Suresh, Subra

2006-03-01

39

Intractable pain--the present position.  

PubMed Central

The broad changes that have occurred in the treatment of intractable pain are considered. There is a new understanding of the anatomy and physiology of pain pathways and pain appreciation. Thus gate control theory, the spinal laminae, and the descending inhibitory pain pathway through the raphe nuclei are discussed in relation to the recent discovery of the opioid (enkephalin) systems. Out of this arises the stimulation methods of pain relief--transcutaneous neural stimulation, periaqueductal stimulation, and acupuncture. These are valuable in patients with a normal expectation of life. For patients with a shortened expectation of life other methods, especially destructive ones, are valuable (though in all types of chronic pain drug therapy is still the most used method). Basic changes in techniques and the equipment used to bring this about are detailed broadly. In particular, the use of the image intensifier X-ray machine and the stimulation and destruction available from the modern lesion generator when used in combination provide accuracy and safety. Techniques and methods are constantly altering and examples of this are given. All this costs money in time, personnel, and equipment; the costings of the Liverpool Centre for Pain Relief are given. Finally, the Pain Relief Foundation is in being in Liverpool in the grounds of Walton Hospital. This has been made possible by a large 'seed' donation by the Wolfson Foundation. Images Fig. 1 Fig. 2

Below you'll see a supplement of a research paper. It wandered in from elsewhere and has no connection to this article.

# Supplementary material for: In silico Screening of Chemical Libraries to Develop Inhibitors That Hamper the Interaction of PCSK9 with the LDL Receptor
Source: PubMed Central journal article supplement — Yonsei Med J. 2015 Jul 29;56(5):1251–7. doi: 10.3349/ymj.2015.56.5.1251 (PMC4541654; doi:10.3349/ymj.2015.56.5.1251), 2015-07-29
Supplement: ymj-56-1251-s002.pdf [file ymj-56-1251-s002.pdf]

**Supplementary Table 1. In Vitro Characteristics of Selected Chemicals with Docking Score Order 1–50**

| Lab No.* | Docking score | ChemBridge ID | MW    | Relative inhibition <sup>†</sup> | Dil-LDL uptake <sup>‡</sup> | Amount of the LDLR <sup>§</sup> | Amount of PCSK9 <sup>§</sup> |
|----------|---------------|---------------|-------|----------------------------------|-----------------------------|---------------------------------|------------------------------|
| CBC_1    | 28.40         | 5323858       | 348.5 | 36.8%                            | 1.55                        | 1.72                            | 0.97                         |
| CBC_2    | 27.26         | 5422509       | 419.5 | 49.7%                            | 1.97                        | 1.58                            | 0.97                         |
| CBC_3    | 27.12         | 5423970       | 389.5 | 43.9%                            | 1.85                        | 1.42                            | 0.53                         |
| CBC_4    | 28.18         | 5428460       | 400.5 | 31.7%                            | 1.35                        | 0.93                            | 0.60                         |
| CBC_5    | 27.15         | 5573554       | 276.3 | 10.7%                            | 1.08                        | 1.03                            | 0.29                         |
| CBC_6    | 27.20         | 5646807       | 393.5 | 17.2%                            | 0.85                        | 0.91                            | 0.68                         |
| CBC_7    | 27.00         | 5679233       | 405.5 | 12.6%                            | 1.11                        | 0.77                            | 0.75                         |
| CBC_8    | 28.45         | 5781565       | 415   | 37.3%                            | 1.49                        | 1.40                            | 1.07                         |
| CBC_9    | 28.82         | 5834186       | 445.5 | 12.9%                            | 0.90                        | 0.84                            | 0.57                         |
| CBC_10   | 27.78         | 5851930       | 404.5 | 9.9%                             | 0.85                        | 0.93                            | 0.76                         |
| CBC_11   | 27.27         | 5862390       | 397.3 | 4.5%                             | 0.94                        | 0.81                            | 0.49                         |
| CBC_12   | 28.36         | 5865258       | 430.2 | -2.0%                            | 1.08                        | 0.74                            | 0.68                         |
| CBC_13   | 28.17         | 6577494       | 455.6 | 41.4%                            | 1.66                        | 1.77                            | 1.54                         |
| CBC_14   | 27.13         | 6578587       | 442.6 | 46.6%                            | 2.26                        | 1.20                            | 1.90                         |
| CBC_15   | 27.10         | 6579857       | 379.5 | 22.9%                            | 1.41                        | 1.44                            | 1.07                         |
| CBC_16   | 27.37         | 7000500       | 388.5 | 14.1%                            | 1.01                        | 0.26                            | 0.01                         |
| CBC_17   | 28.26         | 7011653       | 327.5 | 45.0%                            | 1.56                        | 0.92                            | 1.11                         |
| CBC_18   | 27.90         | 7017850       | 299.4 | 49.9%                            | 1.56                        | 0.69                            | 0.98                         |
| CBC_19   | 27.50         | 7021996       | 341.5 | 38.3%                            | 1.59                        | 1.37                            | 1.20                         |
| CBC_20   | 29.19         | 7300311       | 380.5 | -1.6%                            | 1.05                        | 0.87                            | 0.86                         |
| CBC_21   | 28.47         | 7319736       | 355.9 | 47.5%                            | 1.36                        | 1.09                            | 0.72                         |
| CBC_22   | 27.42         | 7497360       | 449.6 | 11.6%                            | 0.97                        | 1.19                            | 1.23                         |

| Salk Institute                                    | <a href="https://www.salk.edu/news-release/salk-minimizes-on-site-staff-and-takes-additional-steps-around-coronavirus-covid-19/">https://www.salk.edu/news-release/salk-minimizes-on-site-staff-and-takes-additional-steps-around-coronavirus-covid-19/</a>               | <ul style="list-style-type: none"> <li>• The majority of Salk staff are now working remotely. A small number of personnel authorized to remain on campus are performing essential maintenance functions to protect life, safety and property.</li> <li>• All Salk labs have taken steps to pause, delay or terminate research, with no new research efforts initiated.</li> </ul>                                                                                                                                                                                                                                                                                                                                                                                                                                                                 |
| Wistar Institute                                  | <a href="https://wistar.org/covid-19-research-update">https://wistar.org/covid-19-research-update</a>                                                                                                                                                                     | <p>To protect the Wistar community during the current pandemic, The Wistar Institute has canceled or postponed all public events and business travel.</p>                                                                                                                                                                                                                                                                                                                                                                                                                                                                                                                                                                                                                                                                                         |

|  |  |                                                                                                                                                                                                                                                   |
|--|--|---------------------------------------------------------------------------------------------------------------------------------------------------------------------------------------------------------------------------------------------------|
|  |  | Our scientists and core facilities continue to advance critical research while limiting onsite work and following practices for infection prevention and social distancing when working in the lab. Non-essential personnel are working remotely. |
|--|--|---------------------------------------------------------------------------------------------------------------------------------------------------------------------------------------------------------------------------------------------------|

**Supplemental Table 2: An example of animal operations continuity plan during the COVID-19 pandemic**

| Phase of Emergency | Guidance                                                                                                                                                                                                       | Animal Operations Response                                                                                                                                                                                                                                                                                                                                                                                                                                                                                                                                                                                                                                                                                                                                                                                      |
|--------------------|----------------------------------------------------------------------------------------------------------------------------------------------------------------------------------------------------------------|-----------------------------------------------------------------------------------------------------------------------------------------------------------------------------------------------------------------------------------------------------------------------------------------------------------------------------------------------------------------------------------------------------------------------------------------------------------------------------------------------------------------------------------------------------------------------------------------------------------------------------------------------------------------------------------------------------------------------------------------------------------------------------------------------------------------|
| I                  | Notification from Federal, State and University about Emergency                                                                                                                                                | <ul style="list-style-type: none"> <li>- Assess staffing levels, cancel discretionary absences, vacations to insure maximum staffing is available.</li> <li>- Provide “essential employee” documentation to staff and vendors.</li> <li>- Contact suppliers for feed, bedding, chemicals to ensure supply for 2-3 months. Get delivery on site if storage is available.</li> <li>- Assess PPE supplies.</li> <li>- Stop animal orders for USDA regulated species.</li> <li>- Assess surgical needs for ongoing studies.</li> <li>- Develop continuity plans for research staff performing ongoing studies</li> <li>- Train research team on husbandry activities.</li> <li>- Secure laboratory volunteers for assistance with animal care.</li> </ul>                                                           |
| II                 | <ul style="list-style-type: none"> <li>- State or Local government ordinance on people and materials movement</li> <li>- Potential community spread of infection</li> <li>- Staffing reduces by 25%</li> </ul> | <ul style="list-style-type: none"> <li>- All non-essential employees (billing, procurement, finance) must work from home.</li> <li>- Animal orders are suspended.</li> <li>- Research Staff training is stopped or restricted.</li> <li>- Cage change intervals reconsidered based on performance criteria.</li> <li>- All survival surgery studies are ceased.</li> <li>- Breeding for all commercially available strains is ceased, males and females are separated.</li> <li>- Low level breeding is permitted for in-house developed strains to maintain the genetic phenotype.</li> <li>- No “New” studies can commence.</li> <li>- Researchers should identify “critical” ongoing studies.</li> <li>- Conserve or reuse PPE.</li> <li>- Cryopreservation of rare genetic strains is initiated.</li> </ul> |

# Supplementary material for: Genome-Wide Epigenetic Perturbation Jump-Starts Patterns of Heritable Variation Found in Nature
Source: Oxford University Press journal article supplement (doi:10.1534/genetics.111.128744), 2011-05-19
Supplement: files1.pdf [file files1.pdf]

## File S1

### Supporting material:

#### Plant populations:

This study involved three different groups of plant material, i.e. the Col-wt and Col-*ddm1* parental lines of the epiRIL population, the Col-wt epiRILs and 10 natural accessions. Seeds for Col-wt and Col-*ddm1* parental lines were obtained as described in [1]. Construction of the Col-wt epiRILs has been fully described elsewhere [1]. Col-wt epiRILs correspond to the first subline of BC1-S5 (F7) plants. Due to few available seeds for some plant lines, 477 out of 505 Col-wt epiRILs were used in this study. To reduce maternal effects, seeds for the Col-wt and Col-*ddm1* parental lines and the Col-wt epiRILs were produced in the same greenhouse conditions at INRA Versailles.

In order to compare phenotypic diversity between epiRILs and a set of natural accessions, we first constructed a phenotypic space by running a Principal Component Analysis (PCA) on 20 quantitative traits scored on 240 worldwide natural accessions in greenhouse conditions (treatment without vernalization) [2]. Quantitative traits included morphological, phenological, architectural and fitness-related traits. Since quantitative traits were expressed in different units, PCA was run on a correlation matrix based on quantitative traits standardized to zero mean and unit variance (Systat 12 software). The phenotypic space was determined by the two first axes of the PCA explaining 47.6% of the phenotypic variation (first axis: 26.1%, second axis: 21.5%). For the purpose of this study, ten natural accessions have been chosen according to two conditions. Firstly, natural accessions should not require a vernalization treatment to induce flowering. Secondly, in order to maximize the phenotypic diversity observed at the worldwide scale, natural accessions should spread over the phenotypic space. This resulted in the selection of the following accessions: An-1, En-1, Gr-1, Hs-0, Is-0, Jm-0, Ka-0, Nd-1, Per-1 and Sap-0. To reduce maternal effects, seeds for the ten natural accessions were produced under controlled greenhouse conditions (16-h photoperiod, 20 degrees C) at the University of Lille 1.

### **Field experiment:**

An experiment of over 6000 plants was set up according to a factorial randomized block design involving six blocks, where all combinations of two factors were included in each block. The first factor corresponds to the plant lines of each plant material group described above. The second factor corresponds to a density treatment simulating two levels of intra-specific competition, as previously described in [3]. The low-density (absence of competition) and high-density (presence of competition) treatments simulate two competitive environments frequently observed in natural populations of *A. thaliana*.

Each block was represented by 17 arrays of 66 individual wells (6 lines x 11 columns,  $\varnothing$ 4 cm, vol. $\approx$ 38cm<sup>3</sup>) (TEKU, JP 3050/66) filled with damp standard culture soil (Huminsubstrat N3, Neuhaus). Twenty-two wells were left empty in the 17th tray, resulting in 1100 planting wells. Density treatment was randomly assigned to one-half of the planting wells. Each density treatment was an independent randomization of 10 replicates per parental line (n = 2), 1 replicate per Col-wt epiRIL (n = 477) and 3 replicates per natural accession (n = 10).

Lipton, S.

1981-01-01

40

Vagus nerve stimulation for intractable epilepsy in tuberous sclerosis complex  

Microsoft Academic Search